Powershell, Server 2016

Set-WebApplicationProxyApplication

The Set-WebApplicationProxyApplication cmdlet modifies settings of a web application published through Web Application Proxy. Specify the web application to modify by using its ID. Note that the method of preauthentication cannot be changed. The cmdlet ensures that no other applications are already configured to use any specified ExternalURL or BackendServerURL.

Set-WebApplicationProxyApplication -ID 994A4543-7983-77A3-1E6D-1163E7419AC1 -ExternalUrl https://webapp.abc.com/

Set-WebApplicationProxyApplication
[-ClientCertificateAuthenticationBindingMode <String>]
[-BackendServerCertificateValidation <String>]
[-ExternalUrl <String>]
[-ExternalCertificateThumbprint <String>]
[-BackendServerUrl <String>]
[-DisableTranslateUrlInRequestHeaders]
[-EnableHTTPRedirect]
[-ADFSUserCertificateStore <String>]
[-DisableHttpOnlyCookieProtection]
[-PersistentAccessCookieExpirationTimeSec <UInt32>]
[-EnableSignOut]
[-BackendServerAuthenticationMode <String>]
[-DisableTranslateUrlInResponseHeaders]
[-BackendServerAuthenticationSPN <String>]
[-Name <String>]
[-UseOAuthAuthentication]
[-InactiveTransactionsTimeoutSec <UInt32>]
[-ClientCertificatePreauthenticationThumbprint <String>]
[-ID] <Guid>
[-CimSession <CimSession[]>]
[-ThrottleLimit <Int32>]
[-AsJob]
[<CommonParameters>]

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Powershell, Server 2016

How to access a Nano Server

Because Nano Server does not support a local session, it must be accessed remotely.

IP Address of the Nano Server: 10.10.10.1
1. Start an elevated PowerShell ISE session.
2. Set the Trusted Host. This is a one-time setting for each remote machine. You’re basically telling your development machine to trust the remote Nano Server.
Set-Item WSMan:\LocalHost\Client\TrustedHosts “10.10.10.1”
3. Start the session.
Enter the following commands into the PowerShell ISE command line:
$ip = “10.10.10.1” 
$s = New-PSSession -ComputerName $ip -Credential ~\Administrator
Enter-PSSession -Session $s

Powershell, Server 2016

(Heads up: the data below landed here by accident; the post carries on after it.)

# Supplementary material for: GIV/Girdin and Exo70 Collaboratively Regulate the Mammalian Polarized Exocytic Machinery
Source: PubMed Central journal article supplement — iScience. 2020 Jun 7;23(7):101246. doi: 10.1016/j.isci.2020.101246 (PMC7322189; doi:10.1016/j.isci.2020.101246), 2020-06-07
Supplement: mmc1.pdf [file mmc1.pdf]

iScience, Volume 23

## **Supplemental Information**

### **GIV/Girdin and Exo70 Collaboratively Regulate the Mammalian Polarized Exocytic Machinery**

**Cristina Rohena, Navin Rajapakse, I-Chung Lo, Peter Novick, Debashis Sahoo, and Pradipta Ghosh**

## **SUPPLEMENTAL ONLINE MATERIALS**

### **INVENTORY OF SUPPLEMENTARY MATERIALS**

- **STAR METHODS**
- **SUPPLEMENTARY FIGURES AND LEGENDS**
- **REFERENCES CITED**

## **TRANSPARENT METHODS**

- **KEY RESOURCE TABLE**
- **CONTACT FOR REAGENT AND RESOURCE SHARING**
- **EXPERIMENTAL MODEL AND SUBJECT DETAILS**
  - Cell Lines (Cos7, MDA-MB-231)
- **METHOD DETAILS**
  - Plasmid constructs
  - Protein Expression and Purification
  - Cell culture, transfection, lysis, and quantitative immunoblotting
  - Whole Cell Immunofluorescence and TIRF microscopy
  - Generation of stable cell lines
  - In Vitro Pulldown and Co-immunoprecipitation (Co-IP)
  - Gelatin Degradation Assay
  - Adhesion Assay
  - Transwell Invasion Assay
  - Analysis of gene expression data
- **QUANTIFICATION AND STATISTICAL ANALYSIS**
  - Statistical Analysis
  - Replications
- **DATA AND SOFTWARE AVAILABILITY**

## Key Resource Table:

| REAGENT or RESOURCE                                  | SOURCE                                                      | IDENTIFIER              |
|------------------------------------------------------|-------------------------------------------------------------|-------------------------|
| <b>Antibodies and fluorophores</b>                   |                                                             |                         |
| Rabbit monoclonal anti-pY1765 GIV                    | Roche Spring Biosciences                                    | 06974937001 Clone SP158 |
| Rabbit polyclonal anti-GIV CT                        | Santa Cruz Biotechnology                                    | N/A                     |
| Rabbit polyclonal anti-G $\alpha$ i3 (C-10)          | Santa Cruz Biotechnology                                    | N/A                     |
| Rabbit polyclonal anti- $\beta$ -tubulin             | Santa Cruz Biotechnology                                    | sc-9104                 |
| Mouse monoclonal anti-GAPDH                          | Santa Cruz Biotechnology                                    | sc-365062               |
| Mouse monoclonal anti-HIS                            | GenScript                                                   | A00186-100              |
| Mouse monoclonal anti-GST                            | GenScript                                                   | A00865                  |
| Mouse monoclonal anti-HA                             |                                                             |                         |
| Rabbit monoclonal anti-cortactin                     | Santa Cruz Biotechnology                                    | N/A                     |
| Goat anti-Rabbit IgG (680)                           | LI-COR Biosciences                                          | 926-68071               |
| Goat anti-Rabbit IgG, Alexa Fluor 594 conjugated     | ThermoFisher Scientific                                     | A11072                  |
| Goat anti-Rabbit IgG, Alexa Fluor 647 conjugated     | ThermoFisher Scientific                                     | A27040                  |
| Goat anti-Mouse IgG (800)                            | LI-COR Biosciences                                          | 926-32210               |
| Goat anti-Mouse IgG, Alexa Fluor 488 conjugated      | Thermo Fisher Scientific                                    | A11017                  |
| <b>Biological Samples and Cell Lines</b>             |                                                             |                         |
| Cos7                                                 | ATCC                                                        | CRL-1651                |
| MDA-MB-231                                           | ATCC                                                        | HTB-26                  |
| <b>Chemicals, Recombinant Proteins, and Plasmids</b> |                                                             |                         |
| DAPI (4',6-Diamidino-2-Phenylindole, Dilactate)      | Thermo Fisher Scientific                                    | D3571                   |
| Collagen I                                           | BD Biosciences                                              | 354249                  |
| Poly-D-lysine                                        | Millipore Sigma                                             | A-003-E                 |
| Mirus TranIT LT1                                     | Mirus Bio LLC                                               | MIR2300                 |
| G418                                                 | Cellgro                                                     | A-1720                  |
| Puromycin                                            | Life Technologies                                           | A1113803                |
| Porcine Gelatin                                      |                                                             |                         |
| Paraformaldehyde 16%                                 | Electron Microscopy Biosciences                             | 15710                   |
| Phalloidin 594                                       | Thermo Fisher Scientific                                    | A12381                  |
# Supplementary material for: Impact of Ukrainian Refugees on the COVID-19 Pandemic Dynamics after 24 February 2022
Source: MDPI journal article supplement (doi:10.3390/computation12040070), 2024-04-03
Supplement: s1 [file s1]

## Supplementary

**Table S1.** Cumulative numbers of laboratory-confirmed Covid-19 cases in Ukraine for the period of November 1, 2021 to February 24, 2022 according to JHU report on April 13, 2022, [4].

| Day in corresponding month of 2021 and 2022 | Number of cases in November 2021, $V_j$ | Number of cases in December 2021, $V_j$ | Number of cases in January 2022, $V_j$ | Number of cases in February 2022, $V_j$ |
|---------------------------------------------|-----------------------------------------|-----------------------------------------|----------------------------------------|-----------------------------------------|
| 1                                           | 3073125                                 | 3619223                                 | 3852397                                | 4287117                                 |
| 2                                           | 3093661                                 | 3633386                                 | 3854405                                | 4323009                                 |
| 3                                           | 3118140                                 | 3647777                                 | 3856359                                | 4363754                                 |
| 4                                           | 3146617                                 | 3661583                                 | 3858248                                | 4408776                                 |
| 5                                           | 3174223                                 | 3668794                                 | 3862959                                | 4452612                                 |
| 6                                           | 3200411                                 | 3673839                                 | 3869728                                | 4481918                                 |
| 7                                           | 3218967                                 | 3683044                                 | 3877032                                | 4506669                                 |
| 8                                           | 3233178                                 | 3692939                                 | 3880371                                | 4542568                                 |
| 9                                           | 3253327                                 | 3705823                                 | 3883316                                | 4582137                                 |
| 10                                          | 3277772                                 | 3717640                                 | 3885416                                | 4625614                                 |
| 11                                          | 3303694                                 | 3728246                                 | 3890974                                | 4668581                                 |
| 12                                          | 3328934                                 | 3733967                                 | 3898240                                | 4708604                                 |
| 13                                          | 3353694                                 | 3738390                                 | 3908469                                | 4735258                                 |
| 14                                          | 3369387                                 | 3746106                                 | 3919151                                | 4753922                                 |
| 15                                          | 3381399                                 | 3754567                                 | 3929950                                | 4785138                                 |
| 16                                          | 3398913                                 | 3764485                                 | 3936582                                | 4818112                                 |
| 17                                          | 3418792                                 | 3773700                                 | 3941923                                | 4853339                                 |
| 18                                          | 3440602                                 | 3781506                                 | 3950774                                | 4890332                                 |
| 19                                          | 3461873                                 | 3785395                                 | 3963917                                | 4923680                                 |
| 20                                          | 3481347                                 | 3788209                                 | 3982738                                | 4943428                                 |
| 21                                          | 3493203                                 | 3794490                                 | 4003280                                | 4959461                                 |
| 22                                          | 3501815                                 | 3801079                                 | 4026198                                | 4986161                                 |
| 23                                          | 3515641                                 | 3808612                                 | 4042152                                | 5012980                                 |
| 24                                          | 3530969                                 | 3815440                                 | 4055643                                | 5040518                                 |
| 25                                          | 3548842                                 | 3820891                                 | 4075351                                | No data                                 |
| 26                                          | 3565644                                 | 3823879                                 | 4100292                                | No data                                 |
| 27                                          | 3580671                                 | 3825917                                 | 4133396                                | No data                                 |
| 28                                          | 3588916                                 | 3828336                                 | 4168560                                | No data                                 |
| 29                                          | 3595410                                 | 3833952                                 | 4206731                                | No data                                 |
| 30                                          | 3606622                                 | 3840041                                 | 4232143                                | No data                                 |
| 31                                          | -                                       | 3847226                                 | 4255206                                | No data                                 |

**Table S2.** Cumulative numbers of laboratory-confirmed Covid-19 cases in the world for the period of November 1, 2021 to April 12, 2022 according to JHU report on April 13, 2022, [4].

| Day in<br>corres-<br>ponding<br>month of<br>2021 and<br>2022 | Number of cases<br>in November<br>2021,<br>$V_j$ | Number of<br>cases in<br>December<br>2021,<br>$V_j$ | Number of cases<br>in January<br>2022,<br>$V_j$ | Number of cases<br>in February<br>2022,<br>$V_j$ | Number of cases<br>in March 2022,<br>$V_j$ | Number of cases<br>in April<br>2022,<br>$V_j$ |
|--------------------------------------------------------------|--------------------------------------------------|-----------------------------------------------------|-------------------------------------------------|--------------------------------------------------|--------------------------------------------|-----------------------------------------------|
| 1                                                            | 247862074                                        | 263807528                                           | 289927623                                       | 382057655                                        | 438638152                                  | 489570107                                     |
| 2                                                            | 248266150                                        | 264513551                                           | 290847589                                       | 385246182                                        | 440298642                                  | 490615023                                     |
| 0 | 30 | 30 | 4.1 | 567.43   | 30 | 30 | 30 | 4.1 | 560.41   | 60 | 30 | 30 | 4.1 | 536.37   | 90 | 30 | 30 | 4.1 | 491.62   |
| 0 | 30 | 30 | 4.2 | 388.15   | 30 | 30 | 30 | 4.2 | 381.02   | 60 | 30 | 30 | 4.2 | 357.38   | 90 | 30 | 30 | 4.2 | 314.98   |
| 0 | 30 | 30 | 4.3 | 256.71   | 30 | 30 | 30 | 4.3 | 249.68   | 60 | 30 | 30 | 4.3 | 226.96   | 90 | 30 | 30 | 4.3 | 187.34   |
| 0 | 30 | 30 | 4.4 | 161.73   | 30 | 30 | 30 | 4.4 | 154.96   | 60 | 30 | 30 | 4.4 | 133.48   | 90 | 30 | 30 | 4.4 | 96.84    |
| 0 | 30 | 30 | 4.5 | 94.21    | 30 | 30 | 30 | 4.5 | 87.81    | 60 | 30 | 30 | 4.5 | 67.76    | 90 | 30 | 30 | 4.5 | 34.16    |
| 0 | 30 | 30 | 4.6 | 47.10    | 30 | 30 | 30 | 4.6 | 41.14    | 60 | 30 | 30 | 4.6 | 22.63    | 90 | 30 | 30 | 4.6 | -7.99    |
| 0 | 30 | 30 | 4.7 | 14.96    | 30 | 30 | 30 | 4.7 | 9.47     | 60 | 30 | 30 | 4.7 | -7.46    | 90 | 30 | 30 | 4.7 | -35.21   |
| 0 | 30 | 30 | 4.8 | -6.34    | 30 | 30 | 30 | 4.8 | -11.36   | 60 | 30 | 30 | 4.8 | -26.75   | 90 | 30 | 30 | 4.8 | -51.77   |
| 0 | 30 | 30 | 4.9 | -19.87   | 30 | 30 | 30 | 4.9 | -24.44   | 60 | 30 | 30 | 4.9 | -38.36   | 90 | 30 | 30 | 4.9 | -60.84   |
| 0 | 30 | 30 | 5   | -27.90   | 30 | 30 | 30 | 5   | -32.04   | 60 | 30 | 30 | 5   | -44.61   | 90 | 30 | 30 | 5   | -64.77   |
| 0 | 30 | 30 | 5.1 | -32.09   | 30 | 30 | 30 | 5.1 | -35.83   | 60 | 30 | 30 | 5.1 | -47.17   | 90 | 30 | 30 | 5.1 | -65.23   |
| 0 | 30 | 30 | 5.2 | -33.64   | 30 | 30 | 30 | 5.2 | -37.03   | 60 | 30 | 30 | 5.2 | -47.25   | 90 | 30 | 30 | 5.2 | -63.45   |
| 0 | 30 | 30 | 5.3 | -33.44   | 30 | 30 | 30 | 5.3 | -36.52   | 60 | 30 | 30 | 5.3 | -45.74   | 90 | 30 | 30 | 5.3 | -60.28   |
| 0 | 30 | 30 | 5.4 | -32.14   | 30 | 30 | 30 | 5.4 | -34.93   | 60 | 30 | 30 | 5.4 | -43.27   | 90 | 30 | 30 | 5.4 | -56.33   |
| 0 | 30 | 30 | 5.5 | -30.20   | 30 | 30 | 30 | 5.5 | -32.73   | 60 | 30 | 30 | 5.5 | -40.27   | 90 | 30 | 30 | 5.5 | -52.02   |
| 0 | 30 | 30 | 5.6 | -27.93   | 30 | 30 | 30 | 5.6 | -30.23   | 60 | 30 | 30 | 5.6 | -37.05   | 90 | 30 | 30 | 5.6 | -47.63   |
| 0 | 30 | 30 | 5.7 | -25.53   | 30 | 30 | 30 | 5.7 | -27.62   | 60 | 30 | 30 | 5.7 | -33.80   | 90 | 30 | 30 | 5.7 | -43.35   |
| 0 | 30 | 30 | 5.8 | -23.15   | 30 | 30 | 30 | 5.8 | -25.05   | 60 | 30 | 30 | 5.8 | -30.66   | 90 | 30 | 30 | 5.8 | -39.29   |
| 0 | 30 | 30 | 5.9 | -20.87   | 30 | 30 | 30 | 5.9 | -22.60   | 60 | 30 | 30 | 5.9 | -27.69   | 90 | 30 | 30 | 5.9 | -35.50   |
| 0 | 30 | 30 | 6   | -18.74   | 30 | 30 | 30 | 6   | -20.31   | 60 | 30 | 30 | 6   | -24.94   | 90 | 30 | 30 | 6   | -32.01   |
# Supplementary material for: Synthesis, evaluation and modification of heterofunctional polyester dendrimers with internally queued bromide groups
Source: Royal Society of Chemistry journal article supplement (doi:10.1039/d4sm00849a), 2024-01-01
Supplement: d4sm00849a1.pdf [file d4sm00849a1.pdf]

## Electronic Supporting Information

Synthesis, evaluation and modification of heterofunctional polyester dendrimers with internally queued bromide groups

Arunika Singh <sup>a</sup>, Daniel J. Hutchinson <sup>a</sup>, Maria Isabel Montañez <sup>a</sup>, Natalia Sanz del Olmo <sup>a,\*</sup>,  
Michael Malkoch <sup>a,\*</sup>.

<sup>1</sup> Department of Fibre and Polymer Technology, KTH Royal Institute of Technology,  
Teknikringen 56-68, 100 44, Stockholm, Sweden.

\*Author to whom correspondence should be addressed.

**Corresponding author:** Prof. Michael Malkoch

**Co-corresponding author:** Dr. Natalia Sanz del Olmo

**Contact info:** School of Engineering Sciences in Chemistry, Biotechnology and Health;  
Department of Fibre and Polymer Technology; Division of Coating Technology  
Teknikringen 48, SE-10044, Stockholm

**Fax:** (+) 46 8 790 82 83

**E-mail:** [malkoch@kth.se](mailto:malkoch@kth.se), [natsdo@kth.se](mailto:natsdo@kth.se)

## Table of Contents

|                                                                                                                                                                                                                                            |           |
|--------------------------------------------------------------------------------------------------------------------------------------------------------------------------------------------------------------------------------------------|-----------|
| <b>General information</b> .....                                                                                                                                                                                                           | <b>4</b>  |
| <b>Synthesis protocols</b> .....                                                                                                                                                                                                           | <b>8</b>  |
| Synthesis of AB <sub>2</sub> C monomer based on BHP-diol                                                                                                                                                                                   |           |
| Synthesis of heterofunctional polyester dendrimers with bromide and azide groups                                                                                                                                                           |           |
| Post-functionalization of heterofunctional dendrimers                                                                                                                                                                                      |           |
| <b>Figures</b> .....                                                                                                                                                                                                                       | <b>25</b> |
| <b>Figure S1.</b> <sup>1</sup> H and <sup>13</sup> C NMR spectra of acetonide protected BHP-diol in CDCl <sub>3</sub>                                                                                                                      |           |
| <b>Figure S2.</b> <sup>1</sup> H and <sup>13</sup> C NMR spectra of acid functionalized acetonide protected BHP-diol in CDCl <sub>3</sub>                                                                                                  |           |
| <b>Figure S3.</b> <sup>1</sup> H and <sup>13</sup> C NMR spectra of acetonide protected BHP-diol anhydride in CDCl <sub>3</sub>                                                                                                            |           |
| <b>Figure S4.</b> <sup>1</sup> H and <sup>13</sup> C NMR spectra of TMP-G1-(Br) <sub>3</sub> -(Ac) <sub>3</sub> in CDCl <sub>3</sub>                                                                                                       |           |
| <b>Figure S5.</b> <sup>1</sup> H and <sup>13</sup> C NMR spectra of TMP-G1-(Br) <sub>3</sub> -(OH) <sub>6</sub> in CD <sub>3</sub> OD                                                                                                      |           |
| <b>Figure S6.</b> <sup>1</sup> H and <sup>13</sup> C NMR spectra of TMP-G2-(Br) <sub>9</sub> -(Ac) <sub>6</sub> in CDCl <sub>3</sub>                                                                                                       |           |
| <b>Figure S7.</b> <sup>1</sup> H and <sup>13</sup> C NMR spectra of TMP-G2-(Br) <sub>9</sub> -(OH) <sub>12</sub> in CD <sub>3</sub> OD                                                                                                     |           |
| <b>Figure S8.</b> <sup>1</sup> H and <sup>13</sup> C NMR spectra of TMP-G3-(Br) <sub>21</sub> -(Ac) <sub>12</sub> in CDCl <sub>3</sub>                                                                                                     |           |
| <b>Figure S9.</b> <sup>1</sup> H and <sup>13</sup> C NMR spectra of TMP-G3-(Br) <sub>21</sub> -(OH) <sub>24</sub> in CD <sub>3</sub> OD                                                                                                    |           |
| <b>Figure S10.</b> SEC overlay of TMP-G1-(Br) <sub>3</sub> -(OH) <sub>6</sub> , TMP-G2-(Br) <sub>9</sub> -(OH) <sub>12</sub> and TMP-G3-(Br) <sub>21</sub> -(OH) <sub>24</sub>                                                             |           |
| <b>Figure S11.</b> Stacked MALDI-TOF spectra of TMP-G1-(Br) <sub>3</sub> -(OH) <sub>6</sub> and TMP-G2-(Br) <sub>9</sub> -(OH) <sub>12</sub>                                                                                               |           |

Deploy Network Controller using Windows PowerShell

Install-WindowsFeature -Name NetworkController –IncludeManagementTools

Restart-Computer

New-NetworkControllerNodeObject –Name <string> -Server <String> -FaultDomain <string>-RestInterface <string> [-NodeCertificate <X509Certificate2>]

Install-NetworkControllerCluster –Node <NetworkControllerNode[]> –ClusterAuthentication <ClusterAuthentication> [-ManagementSecurityGroup <string>][-DiagnosticLogLocation <string>][-LogLocationCredential <PSCredential>] [-CredentialEncryptionCertificate <X509Certificate2>][-Credential <PSCredential>][-CertificateThumbprint <String> ] [-UseSSL][-ComputerName <string>]

Install-NetworkController –Node <NetworkControllerNode[]> –ClientAuthentication <ClientAuthentication> [-ClientCertificateThumbprint <string[]>] [-ClientSecurityGroup <string>] -ServerCertificate <X509Certificate2> [-RESTIPAddress <String>] [-RESTName <String>] [-Credential <PSCredential>][-CertificateThumbprint <String> ] [-UseSSL]

Powershell, SCCM, System Center Configuration Manager

Hot to use PowerShell to manage System Center Configuration Manager

The easiest way is by launching the Configuration Manager console. In the upper left corner, there’s a blue rectangle. Click the white arrow in the blue rectangle, and choose Connect via Windows PowerShell.

cm

Now, you need to import the Configuration Manager module by using the Windows PowerShell Import-Module cmdlet. To import the Configuration Manager module, you will have to specify the path to the Configuration Manager module or change to the directory that contains the module. Here, we’re going to change to the module’s directory.

PS C:\>

PS C:\> CD ‘C:\Program Files (x86)\Microsoft Configuration Manager\AdminConsole\bin\ConfigurationManager’

PS C:\Program Files (x86)\Microsoft Configuration Manager\AdminConsole\bin\ConfigurationManager>

Then import the module;

Import-Module .\ConfigurationManager.psd1

To run the Configuration Manager cmdlets, you need to switch the path to the Configuration Manager site.

PS C:\Program Files (x86)\Microsoft Configuration Manager\AdminConsole\bin\ConfigurationManager>CD MSN

MSN – is my site code

PS MSN:\>

Confirm that the Configuration Manager module has been loaded by using the cmdlet below;

PS MSN:\> Get-CMSite

BuildNumber : 7958

Features : 0000000000000000000000000000000000000000000000000000000000000000 InstallDir : C:\Program Files\Microsoft Configuration Manager

Mode : 0

ReportingSiteCode :

RequestedStatus : 110

ServerName : cm1.company.pri

SiteCode : MSN

SiteName : MSN pri site

Status : 1

TimeZoneInfo : 000001E0 0000 000B 0000 0001 0002 0000 0000 0000 00000000 0000 0003 0000 0002 0002 0000 0000 0000 

Type : 2

Version : 5.00.7958.1000

Powershell

Powershell special characters

When you are using Powershell, it really helps if you use special characters to write your own scripts or interpret someone else’s scripts. Some of them are really common and get used very often….

# Hash – Single line comment

 

#This script is for ....
#This variable is to ...

 

$ Dollar sign – is used to declare a variable

$ComputerName = "Server1"
$password = "p@sw0rd"

 

| Pipeline- Executes the left side and with  the output feeds to the right

 

Get-Process | Select -first 10

 

% Percentage – Short for “FOREACH”

 

% ($Server in $Servers) { Write-Host $_}

 

? Question Mark – Short for “Where”

 

Get-process | ? {$_.name -like 'win*' -and $_.status -eq 'Running'}

 

@ () – Declares an array

 

$Servers = @ ("server1", "server2", "server3")

 

@ {} – Declares an hash table

 

$servers = @{"server1" = "Dell";